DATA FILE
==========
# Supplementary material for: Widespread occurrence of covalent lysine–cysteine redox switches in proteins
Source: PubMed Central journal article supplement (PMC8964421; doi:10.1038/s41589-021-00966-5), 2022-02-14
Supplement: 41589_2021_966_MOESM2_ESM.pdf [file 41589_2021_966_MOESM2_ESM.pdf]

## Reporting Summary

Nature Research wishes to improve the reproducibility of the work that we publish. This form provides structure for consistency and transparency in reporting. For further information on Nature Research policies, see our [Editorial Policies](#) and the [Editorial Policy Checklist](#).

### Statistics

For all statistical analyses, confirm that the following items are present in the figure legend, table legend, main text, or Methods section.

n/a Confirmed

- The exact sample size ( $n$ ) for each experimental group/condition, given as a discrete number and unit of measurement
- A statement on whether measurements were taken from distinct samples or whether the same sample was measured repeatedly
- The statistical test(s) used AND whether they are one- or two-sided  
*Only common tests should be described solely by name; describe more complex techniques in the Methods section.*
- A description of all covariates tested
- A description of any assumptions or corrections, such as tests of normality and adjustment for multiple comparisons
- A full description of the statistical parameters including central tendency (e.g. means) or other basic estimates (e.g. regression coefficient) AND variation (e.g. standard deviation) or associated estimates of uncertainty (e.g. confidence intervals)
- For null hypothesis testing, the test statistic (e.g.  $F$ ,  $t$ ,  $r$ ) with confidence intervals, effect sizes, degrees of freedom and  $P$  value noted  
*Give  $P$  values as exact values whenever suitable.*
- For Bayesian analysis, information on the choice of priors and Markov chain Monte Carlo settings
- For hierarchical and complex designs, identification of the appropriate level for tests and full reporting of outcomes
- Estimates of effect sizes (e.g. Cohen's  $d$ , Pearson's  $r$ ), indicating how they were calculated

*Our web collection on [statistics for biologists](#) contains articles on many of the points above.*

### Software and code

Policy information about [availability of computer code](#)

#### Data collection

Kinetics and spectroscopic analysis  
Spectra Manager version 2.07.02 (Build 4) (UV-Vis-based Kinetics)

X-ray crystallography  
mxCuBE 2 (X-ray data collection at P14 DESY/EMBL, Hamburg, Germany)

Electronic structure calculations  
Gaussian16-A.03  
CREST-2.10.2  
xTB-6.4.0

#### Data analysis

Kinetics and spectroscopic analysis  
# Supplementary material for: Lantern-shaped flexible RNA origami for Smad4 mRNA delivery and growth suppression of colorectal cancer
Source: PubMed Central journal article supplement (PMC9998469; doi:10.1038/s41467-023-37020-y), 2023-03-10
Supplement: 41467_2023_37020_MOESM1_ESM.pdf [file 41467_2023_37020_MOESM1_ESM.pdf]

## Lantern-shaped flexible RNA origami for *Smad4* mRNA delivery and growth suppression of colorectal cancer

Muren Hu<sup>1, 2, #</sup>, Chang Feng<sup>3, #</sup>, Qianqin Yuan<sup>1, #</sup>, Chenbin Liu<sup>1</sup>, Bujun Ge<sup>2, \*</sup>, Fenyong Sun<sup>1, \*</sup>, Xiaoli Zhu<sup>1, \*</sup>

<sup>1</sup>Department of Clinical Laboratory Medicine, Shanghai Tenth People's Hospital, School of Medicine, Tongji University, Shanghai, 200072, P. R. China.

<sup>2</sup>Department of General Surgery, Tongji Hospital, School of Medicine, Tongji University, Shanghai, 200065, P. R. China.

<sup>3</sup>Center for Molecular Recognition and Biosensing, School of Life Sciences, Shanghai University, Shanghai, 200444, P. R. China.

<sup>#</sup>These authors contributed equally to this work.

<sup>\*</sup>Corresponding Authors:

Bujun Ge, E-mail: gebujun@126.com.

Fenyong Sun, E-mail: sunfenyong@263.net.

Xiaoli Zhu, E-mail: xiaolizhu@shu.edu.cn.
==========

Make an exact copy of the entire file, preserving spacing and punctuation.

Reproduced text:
# Supplementary material for: Widespread occurrence of covalent lysine–cysteine redox switches in proteins
Source: PubMed Central journal article supplement (PMC8964421; doi:10.1038/s41589-021-00966-5), 2022-02-14
Supplement: 41589_2021_966_MOESM2_ESM.pdf [file 41589_2021_966_MOESM2_ESM.pdf]

## Reporting Summary

Nature Research wishes to improve the reproducibility of the work that we publish. This form provides structure for consistency and transparency in reporting. For further information on Nature Research policies, see our [Editorial Policies](#) and the [Editorial Policy Checklist](#).

### Statistics

For all statistical analyses, confirm that the following items are present in the figure legend, table legend, main text, or Methods section.

n/a Confirmed

- The exact sample size ( $n$ ) for each experimental group/condition, given as a discrete number and unit of measurement
- A statement on whether measurements were taken from distinct samples or whether the same sample was measured repeatedly
- The statistical test(s) used AND whether they are one- or two-sided  
*Only common tests should be described solely by name; describe more complex techniques in the Methods section.*
- A description of all covariates tested
- A description of any assumptions or corrections, such as tests of normality and adjustment for multiple comparisons
- A full description of the statistical parameters including central tendency (e.g. means) or other basic estimates (e.g. regression coefficient) AND variation (e.g. standard deviation) or associated estimates of uncertainty (e.g. confidence intervals)
- For null hypothesis testing, the test statistic (e.g.  $F$ ,  $t$ ,  $r$ ) with confidence intervals, effect sizes, degrees of freedom and  $P$  value noted  
*Give  $P$  values as exact values whenever suitable.*
- For Bayesian analysis, information on the choice of priors and Markov chain Monte Carlo settings
- For hierarchical and complex designs, identification of the appropriate level for tests and full reporting of outcomes
- Estimates of effect sizes (e.g. Cohen's  $d$ , Pearson's  $r$ ), indicating how they were calculated

*Our web collection on [statistics for biologists](#) contains articles on many of the points above.*

### Software and code

Policy information about [availability of computer code](#)

#### Data collection

Kinetics and spectroscopic analysis  
Spectra Manager version 2.07.02 (Build 4) (UV-Vis-based Kinetics)

X-ray crystallography  
mxCuBE 2 (X-ray data collection at P14 DESY/EMBL, Hamburg, Germany)

Electronic structure calculations  
Gaussian16-A.03  
CREST-2.10.2  
xTB-6.4.0

#### Data analysis

Kinetics and spectroscopic analysis  
# Supplementary material for: Lantern-shaped flexible RNA origami for Smad4 mRNA delivery and growth suppression of colorectal cancer
Source: PubMed Central journal article supplement (PMC9998469; doi:10.1038/s41467-023-37020-y), 2023-03-10
Supplement: 41467_2023_37020_MOESM1_ESM.pdf [file 41467_2023_37020_MOESM1_ESM.pdf]

## Lantern-shaped flexible RNA origami for *Smad4* mRNA delivery and growth suppression of colorectal cancer

Muren Hu<sup>1, 2, #</sup>, Chang Feng<sup>3, #</sup>, Qianqin Yuan<sup>1, #</sup>, Chenbin Liu<sup>1</sup>, Bujun Ge<sup>2, \*</sup>, Fenyong Sun<sup>1, \*</sup>, Xiaoli Zhu<sup>1, \*</sup>

<sup>1</sup>Department of Clinical Laboratory Medicine, Shanghai Tenth People's Hospital, School of Medicine, Tongji University, Shanghai, 200072, P. R. China.

<sup>2</sup>Department of General Surgery, Tongji Hospital, School of Medicine, Tongji University, Shanghai, 200065, P. R. China.

<sup>3</sup>Center for Molecular Recognition and Biosensing, School of Life Sciences, Shanghai University, Shanghai, 200444, P. R. China.

<sup>#</sup>These authors contributed equally to this work.

<sup>\*</sup>Corresponding Authors:

Bujun Ge, E-mail: gebujun@126.com.

Fenyong Sun, E-mail: sunfenyong@263.net.

Xiaoli Zhu, E-mail: xiaolizhu@shu.edu.cn.